## Building the $~\mathbb{Z}~$ from $~\mathbb{N}$

Intuitively, to go from $\mathbb{N}$, we just add in $-n$ for each $n \in \mathbb{N}$ with $n > 0$. We will see two different ways of handling this.

**Grothendieck construction**. We start with $\mathbb{N}$ and consider the set $\mathbb{N} \times \mathbb{N}$ of ordered pairs of natural numbers. On this, we impose a relation. We write $(n_1,m_1) \sim (n_2,m_2)$ if \(n_1 + m_2 = n_2 + m_1\)

**Theorem**. This is an equivalence relation on $\mathbb{N} \times \mathbb{N}$.

## **Proof**. (Expand to view)

We check that $\sim$ is reflexive. For any $(n,m)$, we have $(n,m) \sim (n,m)$ since $n + m = n + m$. Next we check symmetry. Assume that $(n_1,m_1) \sim (n_2,m_2)$. Then, by definition, we have $$ n_1 + m_2 = n_2 + m_1 $$ Flipping the equality we get $$ n_2 + m_1 = n_1 + m_2 $$ so $(n_2,m_2) \sim (n_1,m_1)$. Now we check transitivity. Assume that $(n_1,m_1) \sim (n_2,m_2)$ and $(n_2,m_2) \sim (n_3,m_3)$. Then, we have $$ n_1 + m_2 = n_2 + m_1 \\ n_2 + m_3 = n_3 + m_2 $$ So $$ n_1 + m_3 + n_2 = n_1 + n_3 + m_2 = n_1 + m_2 + n_3 = n_2 + m_1 + n_3 = n_3 + m_1 + n_2 $$ We know that we cancel addition in $\mathbb{N}$ so we can conclude that $$ n_1 + m_3 = n_3 + m_1 $$ ■

Since we have an equivalence relation, we can form the quotient by that equivalence relation.

**Definition**. The *integers*, denoted $\mathbb{Z}$, are the set of equivalence classes of $\mathbb{Z} := \mathbb{N} \times \mathbb{N}/\sim$.

Ok, maybe this does not look like our familiar integers. Where is $-1$? Where are the $\mathbb{N}$’s even?

**Definition**. We will let \(\begin{aligned} i : \mathbb{N} & \to \mathbb{Z} \\ n & \mapsto [(n,0)] \end{aligned}\) and let \(\begin{aligned} j : \mathbb{N} & \to \mathbb{Z} \\ n & \mapsto [(0,n)] \end{aligned}\)

**Lemma**.

- Both $i$ and $j$ are injective.
- Every element of $\mathbb{Z}$ is in the image of $i$ or of $j$.
- If $i(n) = j(m)$, then $n=m=0$.

## **Proof**. (Expand to view)

Assume that $[(n,0)] = [(m,0)]$. Then we have seen that this is equivalent to $(n,0) \sim (m,0)$. So $n + 0 = m + 0$ or $n = m$. A similar argument shows that $j$ is injective.

Let $[(n,m)]$ be an equivalence class. Assume that $n \geq m$. Then $$ n + 0 = (n-m) + m $$ So $(n,m) \sim (n-m,0)$ and $[(n,m)] = [(n-m,0)] = i(n-m)$. Now assume that $n \leq m$. Then $$ n + m-n = 0 + m $$ so $(n,m) \sim (0,m-n)$ and $[(n,m)] = [(0,m-n)] = j(m-n)$.

Assume that $i(n) = j(m)$. Then $[(n,0)] = [(0,m)]$. So $(n,0) \sim (0,m)$. Thus, $$ n + m = 0 + 0 = 0 $$ Since $n,m \in \mathbb{N}$, we have $n = m = 0$. ■

Despite the unfamiliar definition, we see that $\mathbb{Z}$ is exactly two copies of $\mathbb{N}$ with their two $0$’s identified.

Furthermore, we can add elements of $\mathbb{Z}$! First, we start with componentwise addition on $\mathbb{N} \times \mathbb{N}$. \((n_1,m_1) + (n_2,m_2) := (n_1+n_2,m_1+m_2)\)

**Theorem**. The following is a well-defined function. \(\begin{aligned} \mathbb{Z} \times \mathbb{Z} & \to \mathbb{Z} \\ ([(n_1,m_1)],[(n_2,m_2)]) & \mapsto [(n_1+n_2,m_1+m_2)] \end{aligned}\)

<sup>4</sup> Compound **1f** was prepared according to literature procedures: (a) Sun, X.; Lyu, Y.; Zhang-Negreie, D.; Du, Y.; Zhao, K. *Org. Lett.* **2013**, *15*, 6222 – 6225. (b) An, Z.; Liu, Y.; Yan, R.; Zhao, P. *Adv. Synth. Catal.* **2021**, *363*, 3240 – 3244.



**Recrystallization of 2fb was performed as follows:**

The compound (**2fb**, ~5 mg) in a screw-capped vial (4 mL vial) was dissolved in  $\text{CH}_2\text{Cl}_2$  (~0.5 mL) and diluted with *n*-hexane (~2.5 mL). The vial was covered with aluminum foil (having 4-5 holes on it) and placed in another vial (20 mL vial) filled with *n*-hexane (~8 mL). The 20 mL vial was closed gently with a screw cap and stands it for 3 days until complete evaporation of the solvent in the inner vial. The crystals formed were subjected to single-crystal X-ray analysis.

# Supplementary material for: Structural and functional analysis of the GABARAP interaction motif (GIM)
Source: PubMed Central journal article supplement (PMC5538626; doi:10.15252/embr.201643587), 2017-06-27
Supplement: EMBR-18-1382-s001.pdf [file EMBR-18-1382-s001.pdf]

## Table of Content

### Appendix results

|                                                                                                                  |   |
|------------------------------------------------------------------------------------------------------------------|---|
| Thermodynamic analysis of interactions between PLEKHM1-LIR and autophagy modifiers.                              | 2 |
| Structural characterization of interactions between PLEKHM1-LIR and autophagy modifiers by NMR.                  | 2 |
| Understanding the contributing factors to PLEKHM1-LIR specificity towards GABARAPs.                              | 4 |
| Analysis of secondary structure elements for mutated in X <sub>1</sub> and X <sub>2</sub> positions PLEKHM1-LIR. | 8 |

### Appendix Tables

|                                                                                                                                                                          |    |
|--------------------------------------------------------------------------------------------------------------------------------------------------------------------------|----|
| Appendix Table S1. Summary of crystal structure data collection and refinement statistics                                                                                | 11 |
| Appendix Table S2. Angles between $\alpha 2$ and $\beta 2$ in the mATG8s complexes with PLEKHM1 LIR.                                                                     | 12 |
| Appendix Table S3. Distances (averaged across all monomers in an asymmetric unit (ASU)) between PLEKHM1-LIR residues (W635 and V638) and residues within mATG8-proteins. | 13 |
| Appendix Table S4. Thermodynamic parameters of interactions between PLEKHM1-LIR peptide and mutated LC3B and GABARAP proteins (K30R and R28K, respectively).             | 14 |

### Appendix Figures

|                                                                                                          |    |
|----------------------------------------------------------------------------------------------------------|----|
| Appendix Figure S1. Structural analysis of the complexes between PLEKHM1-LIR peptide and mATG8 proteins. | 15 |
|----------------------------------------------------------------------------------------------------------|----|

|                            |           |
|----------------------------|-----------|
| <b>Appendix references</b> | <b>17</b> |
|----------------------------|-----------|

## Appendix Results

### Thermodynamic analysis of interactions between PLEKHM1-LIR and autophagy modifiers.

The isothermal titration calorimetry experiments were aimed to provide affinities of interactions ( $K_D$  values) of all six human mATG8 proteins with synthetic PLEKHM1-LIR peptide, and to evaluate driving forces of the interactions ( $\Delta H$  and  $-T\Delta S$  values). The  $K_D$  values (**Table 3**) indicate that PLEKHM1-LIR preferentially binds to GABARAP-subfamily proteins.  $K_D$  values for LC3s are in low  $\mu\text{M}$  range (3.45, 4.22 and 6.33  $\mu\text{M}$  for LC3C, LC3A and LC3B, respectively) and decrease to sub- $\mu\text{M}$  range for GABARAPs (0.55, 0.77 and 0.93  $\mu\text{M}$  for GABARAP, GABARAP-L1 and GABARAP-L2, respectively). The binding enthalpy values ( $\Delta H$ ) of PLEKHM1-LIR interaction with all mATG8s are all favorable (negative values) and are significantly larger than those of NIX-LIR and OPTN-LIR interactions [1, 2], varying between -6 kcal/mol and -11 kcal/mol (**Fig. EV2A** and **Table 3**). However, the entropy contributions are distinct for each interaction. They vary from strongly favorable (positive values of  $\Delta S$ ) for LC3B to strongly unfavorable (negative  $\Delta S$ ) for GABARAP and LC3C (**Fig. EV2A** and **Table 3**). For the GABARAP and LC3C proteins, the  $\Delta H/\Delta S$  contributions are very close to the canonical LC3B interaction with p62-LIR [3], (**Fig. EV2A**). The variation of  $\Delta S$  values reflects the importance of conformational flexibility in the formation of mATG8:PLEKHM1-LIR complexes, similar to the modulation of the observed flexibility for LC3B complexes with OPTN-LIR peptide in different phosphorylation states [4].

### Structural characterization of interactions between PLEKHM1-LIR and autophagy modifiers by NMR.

## **Proof**. (Expand to view)

The possible problem with this as a function is that the output might depend on the representatives of the equivalence. Certainly the function $$ ([(n_1,m_1)],[(n_2,m_2)]) \mapsto (n_1+n_2,m_1+m_2) $$ is not well-defined. For example, $[(0,0)] = [(1,1)]$ but we get different outputs for $([(0,0)],[(0,0)])$ and $([(1,1)],[(1,1)])$.

Assume that $[(n_1,m_1)] = [(n_1^\prime,m_1^\prime)]$ and that $[(n_2,m_2)] = [(n_2^\prime,m_2^\prime)]$. Then $$ n_1 + m_1^\prime = n_1^\prime + m_1 \\ n_2 + m_2^\prime = n_2^\prime + m_2 $$ The two outputs we get are $(n_1+n_2,m_1+m_2)$ and $(n_1^\prime + n_2^\prime, m_1^\prime + m_2^\prime)$. We need to check these give the same equivalence class. It is equivalent to checking that $(n_1+n_2,m_1+m_2) \sim (n_1^\prime+n_2^\prime,m_1^\prime+m_2^\prime)$. We have $$ n_1+n_2+m_1^\prime + m_2^\prime = n_1^\prime+n_2^\prime +m_1+m_2 $$ using the equalities above. ■

The function $i$ now satisfies \(i(n+m) = [(n+m,0)] = [(n,0)] + [(m,0)] = i(n) + i(m)\) so it intertwines addition in $\mathbb{N}$ and addition in $\mathbb{Z}$. Similarly $j(n+m) = j(n) + j(m)$.

**Example**.

- We have \([(n,m)] + [(0,0)] = [(0,0)] + [(n,m)] = [(n,m)]\) for any $(n,m)$.
- We have \([(n,0)] + [(0,m)] = \begin{cases} [(n-m,0)] & \text{ if }n \geq m \\ [(0,m-n)] & \text{ if } n \leq m \end{cases}\) In particular, $[(n,0)] + [(0,n)] = [(0,0)]$.

So $[(n,0)]$ is really $n$ while $[(0,n)]$ is $-n$ (though we could reverse the roles here).

**Theorem**. The function \(\begin{aligned} \mathbb{Z} \times \mathbb{Z} & \to \mathbb{Z} \\ ([(n_1,m_1)],[(n_2,m_2)]) & \mapsto [(n_1n_2 + m_1m_2,n_1m_2+n_2m_1)] \end{aligned}\) is well-defined.

We omit the proof of this theorem. Let’s look at the outputs of this function on simple entries.

- What if we input $i(n)$ and $i(m)$? Then, $i(nm) = [(nm,0)]$ comes out.
- What if we inpute $j(n)$ and $j(m)$? Then we get $[(nm,0)] = i(nm)$.
- How about $i(n)$ and $j(m)$? Then we get $[(0,nm)] = j(nm)$.

If you think about this for a little bit, you will recognize it as *multiplication* on $\mathbb{Z}$.

Next we will compare this to Lean’s `Int`

.